CP5


Modulation: AFSK on LSB

Encoding and Protocol: AX.25 over NRZI at 1200 baud

Beacon: Every 2 minutes, begins 3.5 hours after first turn-on

Comm Output Power: 0.5 W

Project Status: Launched on ELaNa-6 OUTSat NROL-36 Atlas V Mission from Vandenberg AFB on September 13

Satellite Name: CP5

School: California Polytechnic State University at San Luis Obispo

Mission Summary: De-Orbiting Experiment Using A Deployed Thin-Film Mechanism

Launch Date: September 13, 2012

Comm Frequency: 437.405 MHz

 

Project History

Project development began in 2007, and has been through several revisions and worked on by various teams. The final team completed development in December 2011 to prepare for integration on the ELaNa-6 mission. The program was extended well-beyond its desired completion date, as with most projects. However, the team envisions a successful sail deployment and de-orbit of the spacecraft after deployment from NROL-36.

Launch

CP5 has launched aboard the OUTSat NROL-36 Atlas V Mission!

Operations and Tracking

CP5 is ground-operated with a software TNC known as MixW (more information can be found at the “Earth Station” link at the top of the page), and Yaesu FT-847 and ICOM IC-910 radios. Additionally, a Python-based decoder is used as the primary operations application on the ground station, which is GUI based and can support data acquisition from multiple ground stations. If you’re interested in helping to track and acquire data from CP5, more information can be found on our MoreDBs page.

TLE

Current TLE for CP5 is available here.

First Beacon

Audio Wav File (beacon recorded by Tetsu-JA0CAW)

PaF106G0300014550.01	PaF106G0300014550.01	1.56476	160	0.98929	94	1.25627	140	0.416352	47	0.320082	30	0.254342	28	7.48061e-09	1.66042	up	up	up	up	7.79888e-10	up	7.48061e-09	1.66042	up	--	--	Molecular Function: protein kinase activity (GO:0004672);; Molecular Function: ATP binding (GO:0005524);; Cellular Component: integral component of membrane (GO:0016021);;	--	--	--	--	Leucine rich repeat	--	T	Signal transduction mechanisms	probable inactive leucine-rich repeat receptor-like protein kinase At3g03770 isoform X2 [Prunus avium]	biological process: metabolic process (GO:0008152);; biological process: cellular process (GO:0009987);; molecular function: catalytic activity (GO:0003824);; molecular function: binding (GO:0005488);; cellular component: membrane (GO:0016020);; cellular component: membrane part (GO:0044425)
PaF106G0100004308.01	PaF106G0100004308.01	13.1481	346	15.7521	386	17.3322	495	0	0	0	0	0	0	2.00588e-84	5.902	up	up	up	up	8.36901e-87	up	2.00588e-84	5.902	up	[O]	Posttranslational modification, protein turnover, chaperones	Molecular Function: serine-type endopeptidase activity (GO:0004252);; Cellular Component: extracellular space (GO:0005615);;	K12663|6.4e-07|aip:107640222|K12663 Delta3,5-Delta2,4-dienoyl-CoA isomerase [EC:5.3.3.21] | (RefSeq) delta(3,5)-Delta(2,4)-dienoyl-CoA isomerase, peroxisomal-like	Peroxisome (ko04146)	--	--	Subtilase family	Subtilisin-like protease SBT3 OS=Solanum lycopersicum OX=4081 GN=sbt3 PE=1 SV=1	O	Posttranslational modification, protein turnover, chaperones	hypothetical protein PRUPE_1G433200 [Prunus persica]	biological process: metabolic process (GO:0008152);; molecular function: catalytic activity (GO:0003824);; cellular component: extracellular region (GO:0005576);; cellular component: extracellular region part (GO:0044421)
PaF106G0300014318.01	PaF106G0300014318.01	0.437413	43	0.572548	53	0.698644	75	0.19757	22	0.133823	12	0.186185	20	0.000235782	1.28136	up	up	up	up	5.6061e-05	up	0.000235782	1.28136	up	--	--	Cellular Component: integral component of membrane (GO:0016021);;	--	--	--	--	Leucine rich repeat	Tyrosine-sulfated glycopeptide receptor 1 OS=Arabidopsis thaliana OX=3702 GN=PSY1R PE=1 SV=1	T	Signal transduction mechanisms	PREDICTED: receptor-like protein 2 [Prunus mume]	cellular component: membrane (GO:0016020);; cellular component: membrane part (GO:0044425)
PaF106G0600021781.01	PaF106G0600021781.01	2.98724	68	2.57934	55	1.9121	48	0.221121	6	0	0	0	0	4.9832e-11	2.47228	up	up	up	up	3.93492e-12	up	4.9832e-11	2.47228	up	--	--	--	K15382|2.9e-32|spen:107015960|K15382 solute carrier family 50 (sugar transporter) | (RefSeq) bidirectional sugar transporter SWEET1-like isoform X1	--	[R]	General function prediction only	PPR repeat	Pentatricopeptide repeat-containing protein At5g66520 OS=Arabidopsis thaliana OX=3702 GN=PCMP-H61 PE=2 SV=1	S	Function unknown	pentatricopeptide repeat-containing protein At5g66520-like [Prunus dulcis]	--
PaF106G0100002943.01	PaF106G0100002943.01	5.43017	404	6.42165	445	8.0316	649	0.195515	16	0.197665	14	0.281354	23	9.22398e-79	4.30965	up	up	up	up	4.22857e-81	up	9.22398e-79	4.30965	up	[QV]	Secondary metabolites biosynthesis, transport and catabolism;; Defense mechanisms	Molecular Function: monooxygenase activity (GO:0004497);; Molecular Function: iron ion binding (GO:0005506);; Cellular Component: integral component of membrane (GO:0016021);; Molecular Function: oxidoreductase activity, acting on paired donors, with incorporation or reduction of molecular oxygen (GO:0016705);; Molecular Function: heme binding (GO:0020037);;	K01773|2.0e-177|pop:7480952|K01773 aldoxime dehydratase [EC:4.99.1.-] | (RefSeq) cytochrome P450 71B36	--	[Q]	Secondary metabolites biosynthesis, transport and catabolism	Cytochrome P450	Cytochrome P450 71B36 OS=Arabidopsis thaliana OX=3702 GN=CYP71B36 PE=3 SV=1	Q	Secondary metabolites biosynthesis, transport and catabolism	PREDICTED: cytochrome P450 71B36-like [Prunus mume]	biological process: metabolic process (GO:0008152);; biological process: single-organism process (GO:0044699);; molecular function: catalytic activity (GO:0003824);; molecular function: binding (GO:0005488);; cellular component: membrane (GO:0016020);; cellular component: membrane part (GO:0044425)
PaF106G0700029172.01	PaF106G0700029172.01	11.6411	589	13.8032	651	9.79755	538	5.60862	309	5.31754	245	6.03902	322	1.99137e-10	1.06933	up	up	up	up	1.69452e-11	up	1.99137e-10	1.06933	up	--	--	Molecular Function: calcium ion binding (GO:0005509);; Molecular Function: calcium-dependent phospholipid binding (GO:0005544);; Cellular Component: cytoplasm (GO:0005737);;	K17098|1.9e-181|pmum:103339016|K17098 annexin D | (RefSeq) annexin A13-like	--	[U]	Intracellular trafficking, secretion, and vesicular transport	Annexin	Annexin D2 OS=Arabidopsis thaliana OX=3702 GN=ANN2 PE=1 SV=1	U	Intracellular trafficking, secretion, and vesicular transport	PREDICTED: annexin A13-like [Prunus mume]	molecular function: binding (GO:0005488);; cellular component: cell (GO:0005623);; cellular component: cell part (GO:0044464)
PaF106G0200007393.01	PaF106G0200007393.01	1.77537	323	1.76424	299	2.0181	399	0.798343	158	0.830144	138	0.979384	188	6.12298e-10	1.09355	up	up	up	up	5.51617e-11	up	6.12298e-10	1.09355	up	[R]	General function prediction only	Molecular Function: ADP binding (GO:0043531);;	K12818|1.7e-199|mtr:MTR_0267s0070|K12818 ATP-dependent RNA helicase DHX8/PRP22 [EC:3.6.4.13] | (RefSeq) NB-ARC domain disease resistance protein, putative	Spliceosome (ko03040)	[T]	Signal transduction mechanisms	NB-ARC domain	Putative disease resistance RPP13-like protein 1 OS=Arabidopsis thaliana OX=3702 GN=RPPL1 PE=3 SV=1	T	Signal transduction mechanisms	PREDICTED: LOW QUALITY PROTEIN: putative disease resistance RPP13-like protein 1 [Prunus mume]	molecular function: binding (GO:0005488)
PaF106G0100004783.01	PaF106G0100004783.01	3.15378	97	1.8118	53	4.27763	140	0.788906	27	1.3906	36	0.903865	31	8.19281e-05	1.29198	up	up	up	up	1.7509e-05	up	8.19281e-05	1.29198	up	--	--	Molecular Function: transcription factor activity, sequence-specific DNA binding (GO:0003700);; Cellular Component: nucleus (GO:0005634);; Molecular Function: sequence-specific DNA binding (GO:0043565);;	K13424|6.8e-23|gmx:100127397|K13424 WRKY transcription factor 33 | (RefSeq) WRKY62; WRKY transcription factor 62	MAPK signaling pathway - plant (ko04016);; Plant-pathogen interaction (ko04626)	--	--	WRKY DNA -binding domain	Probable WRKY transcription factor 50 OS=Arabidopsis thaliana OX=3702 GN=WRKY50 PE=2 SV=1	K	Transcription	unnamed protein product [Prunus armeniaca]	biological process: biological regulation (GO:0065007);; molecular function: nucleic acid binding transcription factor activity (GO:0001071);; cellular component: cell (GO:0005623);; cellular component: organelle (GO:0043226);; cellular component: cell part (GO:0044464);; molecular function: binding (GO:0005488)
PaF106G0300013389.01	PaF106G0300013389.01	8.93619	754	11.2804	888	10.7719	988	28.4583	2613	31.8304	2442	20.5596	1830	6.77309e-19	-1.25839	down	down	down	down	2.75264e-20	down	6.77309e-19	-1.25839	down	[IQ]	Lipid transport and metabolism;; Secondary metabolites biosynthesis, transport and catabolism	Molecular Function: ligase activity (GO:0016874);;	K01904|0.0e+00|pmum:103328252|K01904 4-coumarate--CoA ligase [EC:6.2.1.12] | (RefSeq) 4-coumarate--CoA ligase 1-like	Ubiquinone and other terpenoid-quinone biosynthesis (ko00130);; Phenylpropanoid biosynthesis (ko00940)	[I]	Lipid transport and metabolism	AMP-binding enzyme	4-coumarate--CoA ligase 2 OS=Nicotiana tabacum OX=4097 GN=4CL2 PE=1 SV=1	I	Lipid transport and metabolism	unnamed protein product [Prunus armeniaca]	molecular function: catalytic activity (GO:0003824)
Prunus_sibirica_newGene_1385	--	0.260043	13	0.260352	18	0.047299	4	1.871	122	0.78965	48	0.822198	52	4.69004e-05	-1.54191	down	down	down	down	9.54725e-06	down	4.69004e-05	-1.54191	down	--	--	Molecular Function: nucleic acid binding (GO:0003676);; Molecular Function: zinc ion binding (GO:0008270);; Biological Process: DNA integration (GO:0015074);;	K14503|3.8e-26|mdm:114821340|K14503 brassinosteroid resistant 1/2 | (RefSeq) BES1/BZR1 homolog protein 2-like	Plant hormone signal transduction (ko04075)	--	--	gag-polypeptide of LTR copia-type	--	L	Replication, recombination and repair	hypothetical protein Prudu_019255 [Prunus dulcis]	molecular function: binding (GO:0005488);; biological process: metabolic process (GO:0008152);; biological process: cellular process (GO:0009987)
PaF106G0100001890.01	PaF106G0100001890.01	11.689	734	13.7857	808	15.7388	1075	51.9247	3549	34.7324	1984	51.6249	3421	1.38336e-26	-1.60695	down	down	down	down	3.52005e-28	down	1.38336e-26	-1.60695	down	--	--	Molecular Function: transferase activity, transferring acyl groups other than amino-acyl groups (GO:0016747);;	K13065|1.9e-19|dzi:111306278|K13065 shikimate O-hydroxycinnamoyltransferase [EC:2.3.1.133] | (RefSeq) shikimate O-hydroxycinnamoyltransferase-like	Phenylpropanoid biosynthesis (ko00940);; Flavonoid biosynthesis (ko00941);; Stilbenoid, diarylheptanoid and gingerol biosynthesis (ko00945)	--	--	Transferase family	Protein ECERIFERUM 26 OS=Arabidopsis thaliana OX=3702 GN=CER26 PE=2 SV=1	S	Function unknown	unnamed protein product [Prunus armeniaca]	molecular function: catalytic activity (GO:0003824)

Parsed Beacon Data

 

CP6


Launch Date: May 19th, 2009

Comm Frequency: 437.365 MHz

Modulation: FSK on SSB, the satellite was tuned to 437.365 LSB

Comm Output Power: ~1W

Project Status: CP6 has deorbited and is no longer operational.

Satellite Name: CP6

School: California Polytechnic State University at San Luis Obispo

Mission Attitude Determination and Control using 2-Axis Magnetometers and Magnetorquers

Secondary Mission Electron collection experiment by Naval Research Laboratory

 

 

Project History

CP6 development started when it was discovered that CP3 had low receive sensitivity issues. The backup flight unit of CP3 has since been modified with an LNA on the radio to increase uplink reliability, more robust software, and the addition of a secondary payload experiment built by NRL. The resulting satellite has been named CP6 and is now ready for launch.

Mission

The primary mission of CP6 is to implement an attitude control system using only magnetic torquers embedded within the side panels. Attitude determination is performed using two-axis magnetometers on each side panel as well as observation imagers on the payload face. Once the primary objectives have been met, a command will be sent to deploy the secondary payload that consists of a series of spring steel tapes. The data will be used to guide the future design of an electrodynamic tether.

Launch

CP6 has been launched. See NASA’s Tacsat-3 site for more information.

 

QSL Card

The PolySat team is extremely grateful for the time and energy that has been dedicated by amateur radio operators around the world.

 

CP8 (IPEX)


Comm Frequency: 437.270 MHz

Modulation: FSK

Comm Output Power: ~1 W

Project Status: Mission objectives achieved. IPEX is no longer operating.

Satellite Name: CP8 (IPEX)

School: California Polytechnic State University at San Luis Obispo

Mission JPL Autonomous Image Processing

Launch Date: December 5th, 2013

 

Project History

  • Collaboration with JPL began in 2012.

  • 1st Balloon Launch of CP8 Balloon Unit: July 28th, 2012

  • 2nd Balloon Launch of CP8 Balloon Unit: December 9th, 2012

  • Launch Date is December, 2013

Mission

IPEX is a 1U (10 x 10 x 10 cm) cubesat, funded by NASA’s Earth Science Technology Office (ESTO), designed to validate onboard instrument processing and autonomous payload operations for the proposed NASA HYperSPectral Infra-Red Instrument (HyspIRI) mission.